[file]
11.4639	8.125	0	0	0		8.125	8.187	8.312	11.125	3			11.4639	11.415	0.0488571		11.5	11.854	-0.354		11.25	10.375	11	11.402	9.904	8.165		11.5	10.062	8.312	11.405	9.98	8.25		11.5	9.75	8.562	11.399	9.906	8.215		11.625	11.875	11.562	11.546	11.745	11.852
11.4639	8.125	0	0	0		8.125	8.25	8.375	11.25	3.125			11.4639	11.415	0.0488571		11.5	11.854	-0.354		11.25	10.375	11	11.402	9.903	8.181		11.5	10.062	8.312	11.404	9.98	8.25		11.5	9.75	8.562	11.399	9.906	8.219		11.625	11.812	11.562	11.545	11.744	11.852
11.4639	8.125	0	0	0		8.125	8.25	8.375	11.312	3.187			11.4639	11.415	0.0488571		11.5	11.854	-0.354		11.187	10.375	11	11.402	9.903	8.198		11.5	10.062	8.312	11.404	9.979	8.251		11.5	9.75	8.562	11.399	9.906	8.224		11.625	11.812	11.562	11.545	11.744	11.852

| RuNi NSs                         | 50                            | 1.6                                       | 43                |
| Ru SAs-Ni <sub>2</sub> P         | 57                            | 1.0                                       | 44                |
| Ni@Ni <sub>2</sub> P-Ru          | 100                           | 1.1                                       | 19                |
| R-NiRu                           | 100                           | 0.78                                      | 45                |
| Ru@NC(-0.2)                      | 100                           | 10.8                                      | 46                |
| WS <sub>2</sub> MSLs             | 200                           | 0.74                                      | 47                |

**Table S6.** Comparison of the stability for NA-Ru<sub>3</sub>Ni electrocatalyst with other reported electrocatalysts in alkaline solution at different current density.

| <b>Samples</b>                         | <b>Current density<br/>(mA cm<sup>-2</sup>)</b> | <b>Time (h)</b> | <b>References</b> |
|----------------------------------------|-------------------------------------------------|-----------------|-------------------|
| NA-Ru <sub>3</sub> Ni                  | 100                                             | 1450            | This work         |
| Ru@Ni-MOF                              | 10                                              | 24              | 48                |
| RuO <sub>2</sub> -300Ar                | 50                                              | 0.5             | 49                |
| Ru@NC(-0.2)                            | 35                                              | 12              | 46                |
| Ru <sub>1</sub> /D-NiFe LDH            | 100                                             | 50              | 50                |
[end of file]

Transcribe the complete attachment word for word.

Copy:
11.4639	8.125	0	0	0		8.125	8.187	8.312	11.125	3			11.4639	11.415	0.0488571		11.5	11.854	-0.354		11.25	10.375	11	11.402	9.904	8.165		11.5	10.062	8.312	11.405	9.98	8.25		11.5	9.75	8.562	11.399	9.906	8.215		11.625	11.875	11.562	11.546	11.745	11.852
11.4639	8.125	0	0	0		8.125	8.25	8.375	11.25	3.125			11.4639	11.415	0.0488571		11.5	11.854	-0.354		11.25	10.375	11	11.402	9.903	8.181		11.5	10.062	8.312	11.404	9.98	8.25		11.5	9.75	8.562	11.399	9.906	8.219		11.625	11.812	11.562	11.545	11.744	11.852
11.4639	8.125	0	0	0		8.125	8.25	8.375	11.312	3.187			11.4639	11.415	0.0488571		11.5	11.854	-0.354		11.187	10.375	11	11.402	9.903	8.198		11.5	10.062	8.312	11.404	9.979	8.251		11.5	9.75	8.562	11.399	9.906	8.224		11.625	11.812	11.562	11.545	11.744	11.852

| RuNi NSs                         | 50                            | 1.6                                       | 43                |
| Ru SAs-Ni <sub>2</sub> P         | 57                            | 1.0                                       | 44                |
| Ni@Ni <sub>2</sub> P-Ru          | 100                           | 1.1                                       | 19                |
| R-NiRu                           | 100                           | 0.78                                      | 45                |
| Ru@NC(-0.2)                      | 100                           | 10.8                                      | 46                |
| WS <sub>2</sub> MSLs             | 200                           | 0.74                                      | 47                |

**Table S6.** Comparison of the stability for NA-Ru<sub>3</sub>Ni electrocatalyst with other reported electrocatalysts in alkaline solution at different current density.

| <b>Samples</b>                         | <b>Current density<br/>(mA cm<sup>-2</sup>)</b> | <b>Time (h)</b> | <b>References</b> |
|----------------------------------------|-------------------------------------------------|-----------------|-------------------|
| NA-Ru <sub>3</sub> Ni                  | 100                                             | 1450            | This work         |
| Ru@Ni-MOF                              | 10                                              | 24              | 48                |
| RuO <sub>2</sub> -300Ar                | 50                                              | 0.5             | 49                |
| Ru@NC(-0.2)                            | 35                                              | 12              | 46                |
| Ru <sub>1</sub> /D-NiFe LDH            | 100                                             | 50              | 50                |